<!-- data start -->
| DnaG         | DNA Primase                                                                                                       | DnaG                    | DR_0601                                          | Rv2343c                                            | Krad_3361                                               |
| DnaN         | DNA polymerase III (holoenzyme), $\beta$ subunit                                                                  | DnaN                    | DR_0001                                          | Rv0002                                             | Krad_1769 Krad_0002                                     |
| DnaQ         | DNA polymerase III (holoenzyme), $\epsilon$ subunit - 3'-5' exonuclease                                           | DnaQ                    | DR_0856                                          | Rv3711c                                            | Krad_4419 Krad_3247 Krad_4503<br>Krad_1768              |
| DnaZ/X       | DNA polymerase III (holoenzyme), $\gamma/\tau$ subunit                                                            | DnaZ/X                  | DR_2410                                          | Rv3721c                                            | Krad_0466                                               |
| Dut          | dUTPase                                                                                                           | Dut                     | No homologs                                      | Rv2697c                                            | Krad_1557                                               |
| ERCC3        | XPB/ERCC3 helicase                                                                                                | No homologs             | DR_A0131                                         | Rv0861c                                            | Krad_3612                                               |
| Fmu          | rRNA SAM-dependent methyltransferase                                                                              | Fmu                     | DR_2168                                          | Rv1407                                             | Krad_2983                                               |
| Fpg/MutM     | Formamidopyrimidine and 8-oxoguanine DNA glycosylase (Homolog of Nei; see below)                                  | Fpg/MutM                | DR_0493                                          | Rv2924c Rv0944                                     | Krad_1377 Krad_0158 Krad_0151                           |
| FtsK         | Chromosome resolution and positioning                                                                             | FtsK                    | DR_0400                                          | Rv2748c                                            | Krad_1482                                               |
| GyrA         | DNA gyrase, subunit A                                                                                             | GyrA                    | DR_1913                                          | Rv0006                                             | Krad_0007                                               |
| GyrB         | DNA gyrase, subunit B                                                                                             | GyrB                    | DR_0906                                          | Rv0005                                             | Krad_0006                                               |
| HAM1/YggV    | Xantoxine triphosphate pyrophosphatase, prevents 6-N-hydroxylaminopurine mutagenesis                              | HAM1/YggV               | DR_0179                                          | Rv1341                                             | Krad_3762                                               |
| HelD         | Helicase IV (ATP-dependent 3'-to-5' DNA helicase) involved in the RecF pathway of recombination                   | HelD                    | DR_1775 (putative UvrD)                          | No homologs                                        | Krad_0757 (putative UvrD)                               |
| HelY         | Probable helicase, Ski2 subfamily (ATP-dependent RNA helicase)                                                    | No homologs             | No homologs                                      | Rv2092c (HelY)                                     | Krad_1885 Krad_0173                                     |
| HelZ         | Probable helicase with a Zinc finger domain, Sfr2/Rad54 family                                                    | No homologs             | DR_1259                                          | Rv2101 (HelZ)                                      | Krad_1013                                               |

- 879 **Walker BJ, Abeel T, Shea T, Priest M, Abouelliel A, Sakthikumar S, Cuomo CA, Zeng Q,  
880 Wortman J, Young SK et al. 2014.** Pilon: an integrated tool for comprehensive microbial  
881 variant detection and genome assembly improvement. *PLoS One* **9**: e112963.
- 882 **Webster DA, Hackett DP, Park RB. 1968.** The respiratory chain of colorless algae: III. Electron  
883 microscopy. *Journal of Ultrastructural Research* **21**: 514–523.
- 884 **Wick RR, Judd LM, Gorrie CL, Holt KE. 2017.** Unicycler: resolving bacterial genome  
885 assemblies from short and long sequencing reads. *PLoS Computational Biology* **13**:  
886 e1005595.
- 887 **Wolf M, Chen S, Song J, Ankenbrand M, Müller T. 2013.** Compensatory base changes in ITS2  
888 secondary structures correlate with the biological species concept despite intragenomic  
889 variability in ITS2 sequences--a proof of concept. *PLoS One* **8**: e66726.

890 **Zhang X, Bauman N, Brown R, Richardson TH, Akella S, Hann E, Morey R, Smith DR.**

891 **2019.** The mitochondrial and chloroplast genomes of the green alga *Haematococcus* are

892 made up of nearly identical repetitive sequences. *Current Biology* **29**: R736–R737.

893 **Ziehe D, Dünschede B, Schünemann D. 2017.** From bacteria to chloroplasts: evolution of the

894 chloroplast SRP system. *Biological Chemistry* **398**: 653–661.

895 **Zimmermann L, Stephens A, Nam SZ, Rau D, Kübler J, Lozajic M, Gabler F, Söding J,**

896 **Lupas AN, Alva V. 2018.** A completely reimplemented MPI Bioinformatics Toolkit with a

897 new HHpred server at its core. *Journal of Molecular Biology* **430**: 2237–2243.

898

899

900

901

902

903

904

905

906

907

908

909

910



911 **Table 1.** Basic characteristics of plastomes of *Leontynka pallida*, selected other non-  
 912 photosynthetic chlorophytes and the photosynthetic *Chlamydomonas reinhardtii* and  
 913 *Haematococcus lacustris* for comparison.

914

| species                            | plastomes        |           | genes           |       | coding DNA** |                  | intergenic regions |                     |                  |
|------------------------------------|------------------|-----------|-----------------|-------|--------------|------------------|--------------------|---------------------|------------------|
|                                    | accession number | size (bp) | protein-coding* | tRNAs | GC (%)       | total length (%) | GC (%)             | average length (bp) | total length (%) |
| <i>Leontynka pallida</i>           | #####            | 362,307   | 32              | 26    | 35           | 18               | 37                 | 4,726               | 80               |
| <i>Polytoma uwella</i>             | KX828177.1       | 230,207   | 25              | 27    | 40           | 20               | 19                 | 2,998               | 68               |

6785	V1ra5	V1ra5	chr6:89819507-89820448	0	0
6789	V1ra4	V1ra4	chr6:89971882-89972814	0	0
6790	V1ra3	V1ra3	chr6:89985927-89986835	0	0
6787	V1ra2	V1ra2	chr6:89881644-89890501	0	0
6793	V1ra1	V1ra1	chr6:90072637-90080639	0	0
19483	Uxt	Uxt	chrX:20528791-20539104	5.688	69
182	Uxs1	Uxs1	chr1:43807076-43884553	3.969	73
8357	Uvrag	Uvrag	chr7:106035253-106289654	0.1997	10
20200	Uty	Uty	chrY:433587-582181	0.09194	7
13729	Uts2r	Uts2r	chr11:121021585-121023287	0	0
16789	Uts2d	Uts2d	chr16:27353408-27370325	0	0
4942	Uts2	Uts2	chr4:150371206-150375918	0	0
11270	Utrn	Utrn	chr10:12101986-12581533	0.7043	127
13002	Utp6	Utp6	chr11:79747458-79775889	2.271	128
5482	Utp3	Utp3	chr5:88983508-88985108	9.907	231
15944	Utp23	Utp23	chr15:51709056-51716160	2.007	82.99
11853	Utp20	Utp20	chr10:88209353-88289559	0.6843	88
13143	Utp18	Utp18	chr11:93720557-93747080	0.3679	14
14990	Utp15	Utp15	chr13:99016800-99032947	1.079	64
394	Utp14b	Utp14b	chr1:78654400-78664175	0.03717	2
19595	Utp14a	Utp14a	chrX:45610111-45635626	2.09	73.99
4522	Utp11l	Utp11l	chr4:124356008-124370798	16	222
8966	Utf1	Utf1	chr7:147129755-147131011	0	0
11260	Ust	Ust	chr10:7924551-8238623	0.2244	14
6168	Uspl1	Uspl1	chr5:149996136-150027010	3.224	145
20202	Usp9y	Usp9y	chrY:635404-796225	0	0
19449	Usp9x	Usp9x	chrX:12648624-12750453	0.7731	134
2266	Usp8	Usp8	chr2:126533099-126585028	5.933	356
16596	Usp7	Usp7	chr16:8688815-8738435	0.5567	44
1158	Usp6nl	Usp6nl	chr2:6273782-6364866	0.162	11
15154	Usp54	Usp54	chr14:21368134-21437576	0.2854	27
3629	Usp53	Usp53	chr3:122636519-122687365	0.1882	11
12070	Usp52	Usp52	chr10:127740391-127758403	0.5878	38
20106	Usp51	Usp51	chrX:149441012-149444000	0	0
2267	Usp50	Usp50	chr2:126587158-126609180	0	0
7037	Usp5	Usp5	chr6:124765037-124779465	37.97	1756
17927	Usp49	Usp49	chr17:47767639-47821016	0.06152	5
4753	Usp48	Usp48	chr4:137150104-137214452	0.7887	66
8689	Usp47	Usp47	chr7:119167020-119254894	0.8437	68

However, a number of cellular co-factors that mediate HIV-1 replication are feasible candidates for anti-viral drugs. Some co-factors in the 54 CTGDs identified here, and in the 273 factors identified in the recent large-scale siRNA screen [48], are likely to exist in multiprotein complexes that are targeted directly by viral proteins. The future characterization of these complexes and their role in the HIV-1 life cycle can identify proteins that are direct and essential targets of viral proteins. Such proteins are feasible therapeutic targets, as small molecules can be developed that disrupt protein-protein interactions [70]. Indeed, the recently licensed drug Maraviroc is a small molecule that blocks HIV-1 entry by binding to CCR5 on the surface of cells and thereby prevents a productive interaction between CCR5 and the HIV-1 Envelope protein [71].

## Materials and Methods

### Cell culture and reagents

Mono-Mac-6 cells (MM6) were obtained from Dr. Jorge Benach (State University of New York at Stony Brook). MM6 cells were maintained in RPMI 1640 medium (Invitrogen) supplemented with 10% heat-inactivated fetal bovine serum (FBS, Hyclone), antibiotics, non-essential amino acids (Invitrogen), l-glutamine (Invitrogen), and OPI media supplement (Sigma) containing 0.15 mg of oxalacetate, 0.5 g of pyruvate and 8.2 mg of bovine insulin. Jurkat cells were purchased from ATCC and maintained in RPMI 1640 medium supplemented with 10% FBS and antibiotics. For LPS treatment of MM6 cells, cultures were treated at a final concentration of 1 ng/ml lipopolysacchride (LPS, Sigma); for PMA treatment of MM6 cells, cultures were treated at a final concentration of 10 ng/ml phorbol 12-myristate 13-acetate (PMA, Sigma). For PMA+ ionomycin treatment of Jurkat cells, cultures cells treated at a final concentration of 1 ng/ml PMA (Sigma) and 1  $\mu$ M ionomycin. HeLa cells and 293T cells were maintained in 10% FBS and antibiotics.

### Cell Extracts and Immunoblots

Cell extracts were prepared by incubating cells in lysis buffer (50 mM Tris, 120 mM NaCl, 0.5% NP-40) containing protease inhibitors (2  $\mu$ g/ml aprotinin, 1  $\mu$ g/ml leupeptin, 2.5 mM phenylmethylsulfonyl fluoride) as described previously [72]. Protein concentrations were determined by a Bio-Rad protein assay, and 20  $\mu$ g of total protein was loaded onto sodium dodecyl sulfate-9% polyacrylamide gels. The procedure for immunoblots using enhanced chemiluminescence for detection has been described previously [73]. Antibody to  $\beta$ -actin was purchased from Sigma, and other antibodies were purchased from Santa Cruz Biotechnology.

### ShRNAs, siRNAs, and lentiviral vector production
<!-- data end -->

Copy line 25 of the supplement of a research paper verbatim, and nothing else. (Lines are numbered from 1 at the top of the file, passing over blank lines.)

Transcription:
888 secondary structures correlate with the biological species concept despite intragenomic  